Up in front, Troy took on the challenge like a crazed energizer bunny, his paddle dipping to the left and right with the regularity of a metronome on crack. Tall waves infrequently coaxed little girly screams from me - catching me by surprise. Through a stoic grin, Troy expressed the sentiment that if there weren’t any ghosts left on Miller Island, there soon might be.

Then the reels on the cosmic slot machine slowed and stopped with no winning combination on the payline.

Fred capsized.

I had a pump, but it proved to be ineffective in removing the water from Fred’s Pungo. The plastic kayak had no bulkheads – no means of floatation – so that it turned out to be impossible to keep the water from running back into the cockpit. I could see no alternative but to tow him and his kayak back to shore.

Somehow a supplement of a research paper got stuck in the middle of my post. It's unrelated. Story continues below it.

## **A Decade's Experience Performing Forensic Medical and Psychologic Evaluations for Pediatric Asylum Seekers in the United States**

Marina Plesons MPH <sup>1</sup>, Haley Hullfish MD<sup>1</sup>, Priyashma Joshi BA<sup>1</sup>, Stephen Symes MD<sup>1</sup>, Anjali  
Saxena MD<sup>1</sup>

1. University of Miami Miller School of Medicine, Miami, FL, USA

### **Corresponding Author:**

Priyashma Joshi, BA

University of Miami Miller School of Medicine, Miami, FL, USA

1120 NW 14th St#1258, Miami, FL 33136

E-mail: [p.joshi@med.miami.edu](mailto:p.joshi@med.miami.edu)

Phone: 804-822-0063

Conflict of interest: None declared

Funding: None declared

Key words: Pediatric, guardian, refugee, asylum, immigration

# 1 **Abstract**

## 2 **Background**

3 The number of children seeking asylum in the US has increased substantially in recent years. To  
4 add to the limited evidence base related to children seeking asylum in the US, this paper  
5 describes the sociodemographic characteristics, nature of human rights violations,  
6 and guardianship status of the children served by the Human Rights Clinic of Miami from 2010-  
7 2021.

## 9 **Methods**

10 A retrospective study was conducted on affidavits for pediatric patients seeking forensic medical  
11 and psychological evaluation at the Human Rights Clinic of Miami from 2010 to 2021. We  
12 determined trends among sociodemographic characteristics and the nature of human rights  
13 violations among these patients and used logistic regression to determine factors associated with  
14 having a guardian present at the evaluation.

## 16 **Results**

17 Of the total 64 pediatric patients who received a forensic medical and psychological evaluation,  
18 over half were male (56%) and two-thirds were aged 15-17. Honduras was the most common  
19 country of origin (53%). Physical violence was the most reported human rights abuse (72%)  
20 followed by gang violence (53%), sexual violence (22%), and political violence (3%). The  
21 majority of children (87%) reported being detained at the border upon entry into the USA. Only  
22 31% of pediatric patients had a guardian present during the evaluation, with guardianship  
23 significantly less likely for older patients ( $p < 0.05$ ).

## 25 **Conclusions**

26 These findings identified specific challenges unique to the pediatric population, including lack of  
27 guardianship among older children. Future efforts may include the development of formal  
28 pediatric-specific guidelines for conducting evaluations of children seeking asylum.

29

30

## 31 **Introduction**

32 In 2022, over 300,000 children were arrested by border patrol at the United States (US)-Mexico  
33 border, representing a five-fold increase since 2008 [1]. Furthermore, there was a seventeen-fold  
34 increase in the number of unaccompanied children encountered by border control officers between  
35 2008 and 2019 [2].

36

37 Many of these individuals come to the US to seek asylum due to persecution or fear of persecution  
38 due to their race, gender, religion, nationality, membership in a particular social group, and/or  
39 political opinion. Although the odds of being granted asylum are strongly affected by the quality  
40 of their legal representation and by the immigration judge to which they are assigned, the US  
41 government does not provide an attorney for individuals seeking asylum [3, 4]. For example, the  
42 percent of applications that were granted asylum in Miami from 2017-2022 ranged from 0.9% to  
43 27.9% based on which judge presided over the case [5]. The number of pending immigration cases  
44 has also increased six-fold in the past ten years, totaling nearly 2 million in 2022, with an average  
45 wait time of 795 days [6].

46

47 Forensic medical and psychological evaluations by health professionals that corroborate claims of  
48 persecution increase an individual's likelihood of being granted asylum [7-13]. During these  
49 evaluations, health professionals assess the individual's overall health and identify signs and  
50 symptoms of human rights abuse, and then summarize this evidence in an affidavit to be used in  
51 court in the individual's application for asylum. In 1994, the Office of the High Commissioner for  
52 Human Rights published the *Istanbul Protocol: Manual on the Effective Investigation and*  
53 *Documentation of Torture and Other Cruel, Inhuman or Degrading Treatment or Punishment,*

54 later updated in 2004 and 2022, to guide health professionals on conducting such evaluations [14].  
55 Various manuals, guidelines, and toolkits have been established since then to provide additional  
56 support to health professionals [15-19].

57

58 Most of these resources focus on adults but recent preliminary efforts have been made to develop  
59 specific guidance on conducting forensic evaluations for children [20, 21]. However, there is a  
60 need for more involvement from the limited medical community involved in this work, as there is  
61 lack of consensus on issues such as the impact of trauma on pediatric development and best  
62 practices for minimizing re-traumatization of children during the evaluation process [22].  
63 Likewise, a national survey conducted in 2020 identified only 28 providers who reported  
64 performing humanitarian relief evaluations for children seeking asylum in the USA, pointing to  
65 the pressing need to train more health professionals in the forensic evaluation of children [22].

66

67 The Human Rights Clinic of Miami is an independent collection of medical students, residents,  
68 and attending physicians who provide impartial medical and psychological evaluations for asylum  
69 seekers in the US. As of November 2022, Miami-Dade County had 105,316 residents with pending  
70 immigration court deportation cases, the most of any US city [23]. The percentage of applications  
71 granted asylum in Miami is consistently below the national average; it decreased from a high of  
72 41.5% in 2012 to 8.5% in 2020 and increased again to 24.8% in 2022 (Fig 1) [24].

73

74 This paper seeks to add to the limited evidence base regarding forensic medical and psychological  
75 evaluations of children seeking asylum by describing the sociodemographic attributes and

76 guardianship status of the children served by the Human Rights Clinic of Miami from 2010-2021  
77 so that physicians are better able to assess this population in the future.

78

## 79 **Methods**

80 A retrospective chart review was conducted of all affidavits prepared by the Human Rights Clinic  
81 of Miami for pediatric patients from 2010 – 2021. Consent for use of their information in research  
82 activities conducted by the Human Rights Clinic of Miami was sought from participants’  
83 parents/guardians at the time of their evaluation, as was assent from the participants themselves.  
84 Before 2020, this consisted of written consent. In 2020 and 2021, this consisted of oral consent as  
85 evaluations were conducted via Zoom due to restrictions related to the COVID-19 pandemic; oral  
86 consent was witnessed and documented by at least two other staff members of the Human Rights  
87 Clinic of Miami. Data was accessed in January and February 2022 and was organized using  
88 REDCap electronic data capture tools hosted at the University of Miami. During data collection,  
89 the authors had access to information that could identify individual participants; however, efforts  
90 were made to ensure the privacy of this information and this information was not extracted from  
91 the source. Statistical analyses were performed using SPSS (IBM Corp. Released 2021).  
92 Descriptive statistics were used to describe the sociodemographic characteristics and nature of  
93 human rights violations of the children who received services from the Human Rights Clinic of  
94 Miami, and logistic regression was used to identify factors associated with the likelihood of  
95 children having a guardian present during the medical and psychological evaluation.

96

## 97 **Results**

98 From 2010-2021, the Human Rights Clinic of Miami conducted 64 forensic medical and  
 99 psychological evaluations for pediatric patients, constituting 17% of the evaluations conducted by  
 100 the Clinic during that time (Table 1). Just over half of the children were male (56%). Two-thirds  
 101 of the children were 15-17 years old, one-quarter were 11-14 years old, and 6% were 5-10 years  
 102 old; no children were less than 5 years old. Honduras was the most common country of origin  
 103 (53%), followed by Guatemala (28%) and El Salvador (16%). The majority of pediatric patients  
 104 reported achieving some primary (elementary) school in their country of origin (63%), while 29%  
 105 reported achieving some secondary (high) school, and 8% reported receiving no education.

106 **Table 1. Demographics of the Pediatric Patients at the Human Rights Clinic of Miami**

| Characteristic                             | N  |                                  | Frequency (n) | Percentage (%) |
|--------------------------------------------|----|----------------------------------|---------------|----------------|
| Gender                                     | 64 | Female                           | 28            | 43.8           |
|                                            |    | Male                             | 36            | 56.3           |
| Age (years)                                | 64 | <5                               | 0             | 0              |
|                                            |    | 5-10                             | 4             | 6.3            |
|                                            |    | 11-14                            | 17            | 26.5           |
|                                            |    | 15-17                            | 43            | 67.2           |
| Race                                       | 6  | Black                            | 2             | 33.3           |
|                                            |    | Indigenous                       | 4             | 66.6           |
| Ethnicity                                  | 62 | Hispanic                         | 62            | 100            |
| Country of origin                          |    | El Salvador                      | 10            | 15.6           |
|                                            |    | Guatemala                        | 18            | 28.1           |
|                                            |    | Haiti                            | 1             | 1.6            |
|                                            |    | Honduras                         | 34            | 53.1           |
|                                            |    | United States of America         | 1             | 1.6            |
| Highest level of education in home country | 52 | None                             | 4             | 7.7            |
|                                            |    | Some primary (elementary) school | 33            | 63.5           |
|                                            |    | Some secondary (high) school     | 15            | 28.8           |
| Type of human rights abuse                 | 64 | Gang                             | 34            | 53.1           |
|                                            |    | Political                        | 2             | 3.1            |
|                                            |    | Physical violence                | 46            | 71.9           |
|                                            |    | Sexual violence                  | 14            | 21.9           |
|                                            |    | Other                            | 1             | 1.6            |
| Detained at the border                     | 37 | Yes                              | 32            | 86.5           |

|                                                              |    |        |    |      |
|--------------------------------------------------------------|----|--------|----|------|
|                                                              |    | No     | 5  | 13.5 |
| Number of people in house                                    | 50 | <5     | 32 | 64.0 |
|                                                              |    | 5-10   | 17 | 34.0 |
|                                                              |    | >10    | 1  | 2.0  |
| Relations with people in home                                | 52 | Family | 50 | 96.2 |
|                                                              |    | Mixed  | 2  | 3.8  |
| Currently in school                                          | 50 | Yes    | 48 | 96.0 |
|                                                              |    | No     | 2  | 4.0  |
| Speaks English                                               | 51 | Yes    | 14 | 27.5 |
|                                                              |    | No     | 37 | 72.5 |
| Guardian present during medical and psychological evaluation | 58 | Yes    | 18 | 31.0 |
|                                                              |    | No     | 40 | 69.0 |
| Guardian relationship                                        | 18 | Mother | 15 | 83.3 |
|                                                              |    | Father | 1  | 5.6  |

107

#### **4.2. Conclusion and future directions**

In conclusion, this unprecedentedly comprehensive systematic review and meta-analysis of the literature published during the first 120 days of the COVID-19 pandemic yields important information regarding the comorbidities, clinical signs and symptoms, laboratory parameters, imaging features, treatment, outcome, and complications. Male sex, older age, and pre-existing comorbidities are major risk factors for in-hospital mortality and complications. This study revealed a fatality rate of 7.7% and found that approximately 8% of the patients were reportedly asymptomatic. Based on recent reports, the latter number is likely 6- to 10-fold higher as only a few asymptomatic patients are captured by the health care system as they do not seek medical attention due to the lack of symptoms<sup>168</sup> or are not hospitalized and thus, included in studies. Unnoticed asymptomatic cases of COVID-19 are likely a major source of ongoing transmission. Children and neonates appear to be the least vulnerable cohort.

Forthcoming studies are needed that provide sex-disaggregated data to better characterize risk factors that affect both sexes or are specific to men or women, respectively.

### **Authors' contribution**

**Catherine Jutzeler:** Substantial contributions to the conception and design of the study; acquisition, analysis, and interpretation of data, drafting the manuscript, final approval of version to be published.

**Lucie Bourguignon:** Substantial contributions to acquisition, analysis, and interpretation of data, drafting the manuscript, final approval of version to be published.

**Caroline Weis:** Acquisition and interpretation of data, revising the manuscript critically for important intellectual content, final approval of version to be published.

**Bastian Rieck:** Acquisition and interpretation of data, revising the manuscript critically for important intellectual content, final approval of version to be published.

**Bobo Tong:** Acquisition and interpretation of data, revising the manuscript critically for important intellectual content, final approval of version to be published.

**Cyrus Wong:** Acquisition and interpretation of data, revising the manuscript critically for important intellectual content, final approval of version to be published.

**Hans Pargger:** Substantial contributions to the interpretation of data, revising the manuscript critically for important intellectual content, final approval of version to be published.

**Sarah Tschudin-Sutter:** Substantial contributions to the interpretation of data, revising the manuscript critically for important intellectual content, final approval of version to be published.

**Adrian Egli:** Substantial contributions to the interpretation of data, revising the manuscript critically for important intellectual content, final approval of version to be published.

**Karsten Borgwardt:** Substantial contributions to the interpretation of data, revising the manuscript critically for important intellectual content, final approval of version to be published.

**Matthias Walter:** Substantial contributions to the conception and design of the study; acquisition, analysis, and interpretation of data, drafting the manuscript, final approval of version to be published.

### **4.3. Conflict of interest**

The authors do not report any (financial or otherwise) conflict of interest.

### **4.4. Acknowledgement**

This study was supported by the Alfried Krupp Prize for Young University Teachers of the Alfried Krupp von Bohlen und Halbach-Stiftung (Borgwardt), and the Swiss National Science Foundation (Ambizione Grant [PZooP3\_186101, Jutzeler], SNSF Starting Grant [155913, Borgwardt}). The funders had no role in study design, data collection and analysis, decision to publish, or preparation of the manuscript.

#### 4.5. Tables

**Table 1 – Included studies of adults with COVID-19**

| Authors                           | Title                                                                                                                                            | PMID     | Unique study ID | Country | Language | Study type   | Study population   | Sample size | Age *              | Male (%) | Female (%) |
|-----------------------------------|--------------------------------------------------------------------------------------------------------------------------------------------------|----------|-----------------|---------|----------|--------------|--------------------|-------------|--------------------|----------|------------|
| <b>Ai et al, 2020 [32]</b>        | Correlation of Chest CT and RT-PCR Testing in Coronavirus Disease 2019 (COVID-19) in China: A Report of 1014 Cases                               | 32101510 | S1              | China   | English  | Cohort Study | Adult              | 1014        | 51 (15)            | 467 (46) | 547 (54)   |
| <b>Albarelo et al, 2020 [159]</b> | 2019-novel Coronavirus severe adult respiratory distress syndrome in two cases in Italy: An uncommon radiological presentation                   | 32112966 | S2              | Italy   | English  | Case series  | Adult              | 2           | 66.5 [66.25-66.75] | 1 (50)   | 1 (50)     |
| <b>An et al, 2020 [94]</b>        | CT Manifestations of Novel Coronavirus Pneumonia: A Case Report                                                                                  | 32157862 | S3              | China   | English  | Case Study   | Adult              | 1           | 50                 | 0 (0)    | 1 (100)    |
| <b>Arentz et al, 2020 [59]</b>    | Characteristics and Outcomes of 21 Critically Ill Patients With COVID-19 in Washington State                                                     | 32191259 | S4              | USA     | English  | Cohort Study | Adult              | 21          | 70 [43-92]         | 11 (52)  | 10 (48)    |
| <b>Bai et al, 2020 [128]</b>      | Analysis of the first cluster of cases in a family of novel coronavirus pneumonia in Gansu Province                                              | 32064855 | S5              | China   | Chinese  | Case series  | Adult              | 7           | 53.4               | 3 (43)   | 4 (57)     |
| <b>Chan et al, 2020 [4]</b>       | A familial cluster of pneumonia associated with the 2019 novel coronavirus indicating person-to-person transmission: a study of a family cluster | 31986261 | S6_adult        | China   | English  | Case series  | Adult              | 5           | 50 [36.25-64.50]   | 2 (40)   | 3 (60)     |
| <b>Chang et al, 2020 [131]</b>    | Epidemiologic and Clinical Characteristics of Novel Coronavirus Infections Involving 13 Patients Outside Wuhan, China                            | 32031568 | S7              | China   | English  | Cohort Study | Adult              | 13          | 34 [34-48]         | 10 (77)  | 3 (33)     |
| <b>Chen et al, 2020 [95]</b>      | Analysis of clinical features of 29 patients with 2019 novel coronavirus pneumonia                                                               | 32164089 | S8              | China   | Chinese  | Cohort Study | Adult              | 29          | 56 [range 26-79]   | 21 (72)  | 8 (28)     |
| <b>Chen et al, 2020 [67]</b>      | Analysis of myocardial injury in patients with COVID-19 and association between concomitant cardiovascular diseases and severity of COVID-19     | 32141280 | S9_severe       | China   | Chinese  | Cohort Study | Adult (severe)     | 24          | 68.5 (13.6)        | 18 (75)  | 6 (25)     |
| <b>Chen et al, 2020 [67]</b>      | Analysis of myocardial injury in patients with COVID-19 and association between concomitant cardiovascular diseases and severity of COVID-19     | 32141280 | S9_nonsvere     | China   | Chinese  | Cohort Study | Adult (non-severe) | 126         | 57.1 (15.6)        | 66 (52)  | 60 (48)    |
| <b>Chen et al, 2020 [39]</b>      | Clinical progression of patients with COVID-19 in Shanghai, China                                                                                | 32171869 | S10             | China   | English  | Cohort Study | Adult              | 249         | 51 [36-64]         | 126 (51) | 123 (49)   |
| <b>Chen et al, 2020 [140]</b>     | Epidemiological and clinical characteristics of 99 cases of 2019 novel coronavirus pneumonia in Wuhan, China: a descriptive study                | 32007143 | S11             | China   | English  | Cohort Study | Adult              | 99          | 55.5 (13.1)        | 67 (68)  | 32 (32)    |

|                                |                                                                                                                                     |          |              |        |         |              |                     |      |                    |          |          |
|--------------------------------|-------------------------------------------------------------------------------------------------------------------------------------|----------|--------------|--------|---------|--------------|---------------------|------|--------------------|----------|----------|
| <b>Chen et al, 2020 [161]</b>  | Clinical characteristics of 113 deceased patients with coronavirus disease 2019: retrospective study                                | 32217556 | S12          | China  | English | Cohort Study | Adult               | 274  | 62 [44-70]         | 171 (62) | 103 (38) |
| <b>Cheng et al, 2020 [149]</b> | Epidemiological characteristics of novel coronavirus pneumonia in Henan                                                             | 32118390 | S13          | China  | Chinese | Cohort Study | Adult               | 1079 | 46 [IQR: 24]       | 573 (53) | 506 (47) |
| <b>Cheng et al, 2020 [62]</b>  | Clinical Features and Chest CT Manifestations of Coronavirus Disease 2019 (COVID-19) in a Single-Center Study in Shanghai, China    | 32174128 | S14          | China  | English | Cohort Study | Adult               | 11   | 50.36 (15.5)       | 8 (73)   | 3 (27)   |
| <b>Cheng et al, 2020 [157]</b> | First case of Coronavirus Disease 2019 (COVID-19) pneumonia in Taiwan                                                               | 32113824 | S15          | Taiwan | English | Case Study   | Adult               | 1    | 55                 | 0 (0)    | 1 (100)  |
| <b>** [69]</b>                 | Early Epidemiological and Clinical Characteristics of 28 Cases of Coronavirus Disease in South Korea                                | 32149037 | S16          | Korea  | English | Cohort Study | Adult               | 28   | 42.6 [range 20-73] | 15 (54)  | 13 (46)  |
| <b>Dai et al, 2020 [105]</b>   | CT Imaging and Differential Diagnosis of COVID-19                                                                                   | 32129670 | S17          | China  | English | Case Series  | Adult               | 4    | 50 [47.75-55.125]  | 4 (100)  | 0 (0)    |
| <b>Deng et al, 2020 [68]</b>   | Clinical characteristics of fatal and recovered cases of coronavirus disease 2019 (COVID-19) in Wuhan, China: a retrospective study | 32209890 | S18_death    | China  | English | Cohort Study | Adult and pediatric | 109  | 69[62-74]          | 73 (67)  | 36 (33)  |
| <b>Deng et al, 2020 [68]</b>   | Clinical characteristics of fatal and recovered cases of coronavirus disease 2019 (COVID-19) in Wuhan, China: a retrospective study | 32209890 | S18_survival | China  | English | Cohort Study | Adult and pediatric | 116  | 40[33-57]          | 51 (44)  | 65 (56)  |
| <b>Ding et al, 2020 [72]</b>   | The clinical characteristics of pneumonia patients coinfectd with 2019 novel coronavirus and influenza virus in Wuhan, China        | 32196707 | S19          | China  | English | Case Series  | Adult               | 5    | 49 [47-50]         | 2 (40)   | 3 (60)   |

But the whole towing theory began to break down when it became obvious that I wasn’t making any progress after a half hour. Meanwhile, Troy was circling, taking care not to become another capsizing victim and collecting various items that were attempting to escape from Fred’s boat. From his perspective it seemed a change in direction was called for. It was difficult to determine what best to fight against, the wind or the current. Above water, the wind seemed to be the determining factor, but I hadn’t really allowed for Fred’s anchor like characteristics and the additional drag of the submerged Pungo. We decided to try going with the flow (probably painfully obvious to more seasoned paddlers).

Fred had been in the water for what seemed like almost an hour and while at last we were making visible progress toward shore, and though Fred maintained he wasn’t cold, I began to consider jettisoning the Pungo. At about the same time, Troy spotted a lone fisherman in a powerboat and headed off to see if perhaps he’d be willing to lend a hand.